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The Changing Face

Of Journalism

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An old time reporter's desk probably inspired a bit more community love. Images by Glen Edelson and Beth Rankin and used under the terms of a Creative Commons license.
From The Amalgam Of J-Schools, Newspapers, Magazines, Websites And Blogs Comes A New Paradigm For Journalism: Ambivalence Towards Community

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By Wayne Schutsky
Modern Times Magazine

<— Previous Page

The industry is glorifying a few loudmouths with irrational perspectives and slowly doing away with the real journalists, the seasoned vets that young reporters should be looking up to.

And that is where the journalism schools come in.

Many of these institutions receive heavy funding (in various forms) from major news organizations. The Gannett New Media Room. The Tribune Center for News.

Blah. Blah. Blah.

The resulting situation is a self-serving cycle that teaches students how to be subpar reporters so they can spend their careers working for the very organizations that subsidized their lack of an education, all the while feeling privileged to work in the same arena as the few celebrity journalists that the industry props up.

It is this combination of hero worship and lackluster education that has systematically destroyed journalism over the past few decades.

But it has not succeeded completely, yet.

As I wrote earlier, there are still talented journalists out there producing worthwhile stories.

And a few of those journalists escaping those schools every year with their talent and intensity intact.

But, without some major changes, these individuals will become fewer and farther in between.

However, while the solution will change the face of journalism drastically, the means by which we will arrive at there are fairly simple.

First, the industry must alter its value system by removing the stratification between the media and the viewership. This separation has developed over time due to journalistic ego and hero worship.


Because of the attitude of superiority that journalism schools and the industry develops within reporters, a culture has developed in which journalists view themselves as God’s gift to the ignorant masses.

With this attitude in place, real dissemination of information is not possible, because the act of reporting the news is a community effort. News reporting is a two-way street. The community and the journalists who serve them should participate in a symbiotic relationship where the news is free flowing in both directions. Journalists inform the community on events that affect them, but that same community is also a valuable resource to the journalist. The community is not just a set of quantitative eyeballs that is only worth its weight in ad dollars. It is a resource that can both feed information to the news media and absorb, synthesize, and respond to the news.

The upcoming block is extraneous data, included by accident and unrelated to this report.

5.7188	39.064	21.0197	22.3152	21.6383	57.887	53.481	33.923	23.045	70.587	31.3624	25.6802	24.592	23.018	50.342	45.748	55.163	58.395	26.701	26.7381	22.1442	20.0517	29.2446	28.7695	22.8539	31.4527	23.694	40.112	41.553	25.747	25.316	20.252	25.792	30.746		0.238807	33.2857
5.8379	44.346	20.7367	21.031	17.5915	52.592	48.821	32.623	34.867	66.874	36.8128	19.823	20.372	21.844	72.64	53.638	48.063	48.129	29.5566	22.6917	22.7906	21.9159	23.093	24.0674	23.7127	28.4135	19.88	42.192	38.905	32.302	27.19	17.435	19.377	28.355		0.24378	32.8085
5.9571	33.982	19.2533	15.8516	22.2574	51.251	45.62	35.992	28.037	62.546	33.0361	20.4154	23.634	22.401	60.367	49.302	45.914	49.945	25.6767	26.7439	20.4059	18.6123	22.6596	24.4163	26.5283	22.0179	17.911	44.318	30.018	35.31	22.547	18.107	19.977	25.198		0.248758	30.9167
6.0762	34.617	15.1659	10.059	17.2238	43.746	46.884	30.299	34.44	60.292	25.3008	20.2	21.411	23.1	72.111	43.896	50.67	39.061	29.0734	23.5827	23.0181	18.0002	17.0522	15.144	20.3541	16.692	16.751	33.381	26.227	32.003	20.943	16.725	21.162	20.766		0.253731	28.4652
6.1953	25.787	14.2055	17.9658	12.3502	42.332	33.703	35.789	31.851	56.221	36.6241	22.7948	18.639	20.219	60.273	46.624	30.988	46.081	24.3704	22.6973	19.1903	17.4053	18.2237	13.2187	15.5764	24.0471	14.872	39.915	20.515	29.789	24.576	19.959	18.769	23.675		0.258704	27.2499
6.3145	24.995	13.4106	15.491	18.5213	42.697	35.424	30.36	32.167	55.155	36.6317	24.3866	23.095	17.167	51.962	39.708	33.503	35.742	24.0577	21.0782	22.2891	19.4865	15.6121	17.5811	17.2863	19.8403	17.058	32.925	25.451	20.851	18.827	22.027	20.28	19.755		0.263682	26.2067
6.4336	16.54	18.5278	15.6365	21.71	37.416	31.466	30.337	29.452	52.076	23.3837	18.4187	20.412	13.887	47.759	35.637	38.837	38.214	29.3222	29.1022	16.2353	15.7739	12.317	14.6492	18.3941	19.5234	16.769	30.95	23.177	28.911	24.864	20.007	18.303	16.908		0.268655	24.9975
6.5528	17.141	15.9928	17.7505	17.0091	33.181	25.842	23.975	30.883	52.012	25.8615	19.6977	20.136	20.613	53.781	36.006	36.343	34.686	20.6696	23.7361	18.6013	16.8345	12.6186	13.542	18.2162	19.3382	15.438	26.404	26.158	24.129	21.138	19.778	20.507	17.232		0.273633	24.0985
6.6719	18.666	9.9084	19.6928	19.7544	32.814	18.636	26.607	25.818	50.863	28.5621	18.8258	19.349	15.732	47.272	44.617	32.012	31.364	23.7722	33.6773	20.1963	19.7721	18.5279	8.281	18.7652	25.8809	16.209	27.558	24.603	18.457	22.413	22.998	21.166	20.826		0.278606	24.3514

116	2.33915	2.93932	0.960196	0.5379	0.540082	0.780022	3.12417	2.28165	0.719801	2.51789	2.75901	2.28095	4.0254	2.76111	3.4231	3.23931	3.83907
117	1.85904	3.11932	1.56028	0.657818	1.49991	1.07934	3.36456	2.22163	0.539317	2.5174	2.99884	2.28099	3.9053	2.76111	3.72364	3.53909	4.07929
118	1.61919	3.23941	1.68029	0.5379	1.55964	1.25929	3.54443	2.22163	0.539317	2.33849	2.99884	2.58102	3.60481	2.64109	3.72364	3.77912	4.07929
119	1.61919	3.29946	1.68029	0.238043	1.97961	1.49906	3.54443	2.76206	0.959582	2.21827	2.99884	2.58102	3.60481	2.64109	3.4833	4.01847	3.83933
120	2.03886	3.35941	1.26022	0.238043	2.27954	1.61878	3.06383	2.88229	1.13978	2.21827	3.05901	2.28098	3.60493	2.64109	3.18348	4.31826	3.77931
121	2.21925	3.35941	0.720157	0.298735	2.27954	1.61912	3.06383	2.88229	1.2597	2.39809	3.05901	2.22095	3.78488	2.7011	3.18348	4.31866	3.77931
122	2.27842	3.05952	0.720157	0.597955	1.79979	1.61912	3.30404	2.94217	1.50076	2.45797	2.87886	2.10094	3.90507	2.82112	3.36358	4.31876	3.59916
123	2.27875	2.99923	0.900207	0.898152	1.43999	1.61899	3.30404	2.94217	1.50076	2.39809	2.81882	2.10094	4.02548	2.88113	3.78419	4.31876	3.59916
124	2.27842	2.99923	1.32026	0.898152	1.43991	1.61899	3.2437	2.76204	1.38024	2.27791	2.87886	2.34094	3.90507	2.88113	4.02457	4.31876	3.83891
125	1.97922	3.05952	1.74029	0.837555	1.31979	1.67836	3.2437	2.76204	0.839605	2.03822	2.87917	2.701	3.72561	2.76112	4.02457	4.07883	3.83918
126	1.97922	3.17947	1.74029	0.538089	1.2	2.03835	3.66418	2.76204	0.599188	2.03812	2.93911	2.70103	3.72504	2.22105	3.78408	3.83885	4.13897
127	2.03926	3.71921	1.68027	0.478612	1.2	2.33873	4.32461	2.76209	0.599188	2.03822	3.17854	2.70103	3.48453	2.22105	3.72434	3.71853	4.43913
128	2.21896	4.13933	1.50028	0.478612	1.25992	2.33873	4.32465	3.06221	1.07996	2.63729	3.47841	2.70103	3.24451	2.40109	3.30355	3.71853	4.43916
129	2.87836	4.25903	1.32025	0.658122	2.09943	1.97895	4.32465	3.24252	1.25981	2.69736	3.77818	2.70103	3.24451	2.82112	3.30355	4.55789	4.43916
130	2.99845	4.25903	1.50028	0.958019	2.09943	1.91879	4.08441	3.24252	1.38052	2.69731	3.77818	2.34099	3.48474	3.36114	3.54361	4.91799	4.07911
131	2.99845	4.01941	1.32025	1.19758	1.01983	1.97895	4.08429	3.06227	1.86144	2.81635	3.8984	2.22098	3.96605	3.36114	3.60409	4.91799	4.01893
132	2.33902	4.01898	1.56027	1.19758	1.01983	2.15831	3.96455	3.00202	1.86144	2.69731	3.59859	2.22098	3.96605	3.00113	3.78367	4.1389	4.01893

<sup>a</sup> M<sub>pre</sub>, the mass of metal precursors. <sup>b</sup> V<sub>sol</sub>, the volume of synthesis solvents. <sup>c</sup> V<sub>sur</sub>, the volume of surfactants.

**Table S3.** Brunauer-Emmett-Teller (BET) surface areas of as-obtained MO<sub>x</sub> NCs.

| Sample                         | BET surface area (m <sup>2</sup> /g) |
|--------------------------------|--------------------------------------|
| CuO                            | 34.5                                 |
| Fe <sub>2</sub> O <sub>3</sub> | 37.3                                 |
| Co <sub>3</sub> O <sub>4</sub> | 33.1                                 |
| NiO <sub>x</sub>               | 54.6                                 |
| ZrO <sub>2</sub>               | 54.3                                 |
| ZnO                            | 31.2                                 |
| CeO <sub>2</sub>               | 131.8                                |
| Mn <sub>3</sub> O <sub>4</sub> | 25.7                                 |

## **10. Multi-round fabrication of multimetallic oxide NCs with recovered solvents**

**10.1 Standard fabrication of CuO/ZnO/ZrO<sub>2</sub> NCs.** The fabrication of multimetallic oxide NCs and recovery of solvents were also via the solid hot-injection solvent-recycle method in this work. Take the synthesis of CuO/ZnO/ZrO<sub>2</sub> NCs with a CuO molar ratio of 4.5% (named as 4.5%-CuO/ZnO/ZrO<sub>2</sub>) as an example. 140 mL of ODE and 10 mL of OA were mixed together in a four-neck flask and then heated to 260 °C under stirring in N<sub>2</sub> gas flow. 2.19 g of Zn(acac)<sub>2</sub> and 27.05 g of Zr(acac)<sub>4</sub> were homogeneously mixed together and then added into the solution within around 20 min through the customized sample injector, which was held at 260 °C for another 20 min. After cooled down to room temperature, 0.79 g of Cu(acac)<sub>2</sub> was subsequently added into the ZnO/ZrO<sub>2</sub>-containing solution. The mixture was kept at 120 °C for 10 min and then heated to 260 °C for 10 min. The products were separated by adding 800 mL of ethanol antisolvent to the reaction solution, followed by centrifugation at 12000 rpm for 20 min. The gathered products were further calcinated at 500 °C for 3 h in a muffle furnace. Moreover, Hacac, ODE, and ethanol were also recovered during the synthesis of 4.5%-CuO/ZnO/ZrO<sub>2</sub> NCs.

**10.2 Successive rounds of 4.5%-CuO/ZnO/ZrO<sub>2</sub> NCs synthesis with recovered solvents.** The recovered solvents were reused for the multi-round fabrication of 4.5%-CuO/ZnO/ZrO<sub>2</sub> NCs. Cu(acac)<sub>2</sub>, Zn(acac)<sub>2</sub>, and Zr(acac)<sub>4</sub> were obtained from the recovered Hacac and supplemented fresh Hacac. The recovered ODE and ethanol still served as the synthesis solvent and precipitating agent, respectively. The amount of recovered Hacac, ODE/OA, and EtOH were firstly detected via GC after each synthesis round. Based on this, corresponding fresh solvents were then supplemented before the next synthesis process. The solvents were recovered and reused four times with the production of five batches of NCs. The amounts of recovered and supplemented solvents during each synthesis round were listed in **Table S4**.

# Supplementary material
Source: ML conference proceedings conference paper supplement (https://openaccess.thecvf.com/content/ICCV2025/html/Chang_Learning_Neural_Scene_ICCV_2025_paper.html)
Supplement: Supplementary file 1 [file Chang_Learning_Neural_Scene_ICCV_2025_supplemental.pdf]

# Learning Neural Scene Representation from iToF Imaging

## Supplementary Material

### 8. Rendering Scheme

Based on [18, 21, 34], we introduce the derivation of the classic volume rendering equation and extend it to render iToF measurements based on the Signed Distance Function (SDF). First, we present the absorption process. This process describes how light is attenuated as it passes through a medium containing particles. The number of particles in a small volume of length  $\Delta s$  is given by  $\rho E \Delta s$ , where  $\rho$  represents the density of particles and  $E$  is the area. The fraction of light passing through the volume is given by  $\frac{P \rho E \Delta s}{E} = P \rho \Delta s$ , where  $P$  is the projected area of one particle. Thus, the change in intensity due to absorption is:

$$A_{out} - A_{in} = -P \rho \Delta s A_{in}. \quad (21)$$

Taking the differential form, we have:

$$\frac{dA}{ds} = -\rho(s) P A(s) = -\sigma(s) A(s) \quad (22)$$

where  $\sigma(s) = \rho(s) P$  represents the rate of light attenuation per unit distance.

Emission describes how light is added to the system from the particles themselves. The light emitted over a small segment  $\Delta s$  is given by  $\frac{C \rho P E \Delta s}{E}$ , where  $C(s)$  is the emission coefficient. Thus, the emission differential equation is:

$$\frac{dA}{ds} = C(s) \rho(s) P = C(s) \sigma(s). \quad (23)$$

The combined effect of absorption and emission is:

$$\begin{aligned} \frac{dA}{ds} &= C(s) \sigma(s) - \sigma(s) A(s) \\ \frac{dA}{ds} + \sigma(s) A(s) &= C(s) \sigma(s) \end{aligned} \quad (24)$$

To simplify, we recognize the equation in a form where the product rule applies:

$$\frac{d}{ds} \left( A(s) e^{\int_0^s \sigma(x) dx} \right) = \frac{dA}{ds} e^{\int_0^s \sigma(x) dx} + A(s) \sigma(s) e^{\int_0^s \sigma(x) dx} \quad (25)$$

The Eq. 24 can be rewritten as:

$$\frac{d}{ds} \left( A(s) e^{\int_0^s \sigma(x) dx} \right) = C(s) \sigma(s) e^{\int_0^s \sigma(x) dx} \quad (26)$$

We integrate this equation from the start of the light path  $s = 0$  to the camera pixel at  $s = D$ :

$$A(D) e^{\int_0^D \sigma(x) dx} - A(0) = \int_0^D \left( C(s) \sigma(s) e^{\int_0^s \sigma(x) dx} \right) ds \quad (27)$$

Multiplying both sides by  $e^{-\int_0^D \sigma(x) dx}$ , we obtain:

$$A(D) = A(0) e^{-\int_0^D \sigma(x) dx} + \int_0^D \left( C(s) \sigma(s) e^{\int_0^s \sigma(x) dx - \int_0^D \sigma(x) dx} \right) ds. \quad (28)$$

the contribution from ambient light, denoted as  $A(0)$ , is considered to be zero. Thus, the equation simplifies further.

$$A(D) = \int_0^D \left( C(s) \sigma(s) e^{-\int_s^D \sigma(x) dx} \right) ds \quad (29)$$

In order to cultivate this type of relationship, journalism must rededicate itself to an older value system, one where journalism was seen as nothing more than a working class job. A value system created in an age before journalism schools and overt hero worship.

From the first days of journalism until the mid-20th century, journalism schools did not exist.  Journalists were just normal people with a passion for storytelling and the dedication to put themselves in precarious situations to bring information to the masses.


Back then, the relationship between the media and the readership was much more codependent. Both sides relied on each other for support, service, validation.

That is something that has been lost in the hero worship and ego brandishing of the modern news community.

But this re-dedication to old values does not have to equate to a complete eradication of modernity in the newsroom. Rather, the media should utilize elements of modern technology in order to make the news more egalitarian and transparent.

Through blogs and social media, news organizations can maintain a relationship with their communities. This relationship needs to be more than a facade. The news organization can simply post stories and polls and other filler to make the community feel involved; rather, they must maintain an actual relationship with the reader in order to make the symbiotic relationship work.

The news is dying because it is failing to adapt to new technology in a way that actually improves the dissemination of information. Journalism needs to do away with the ego trips and the talking heads and the frivolity and get back to the basics.


Because news is a community project. And our community needs it.

Wayne Schutsky is a freelance writer living in Phoenix, Ariz.
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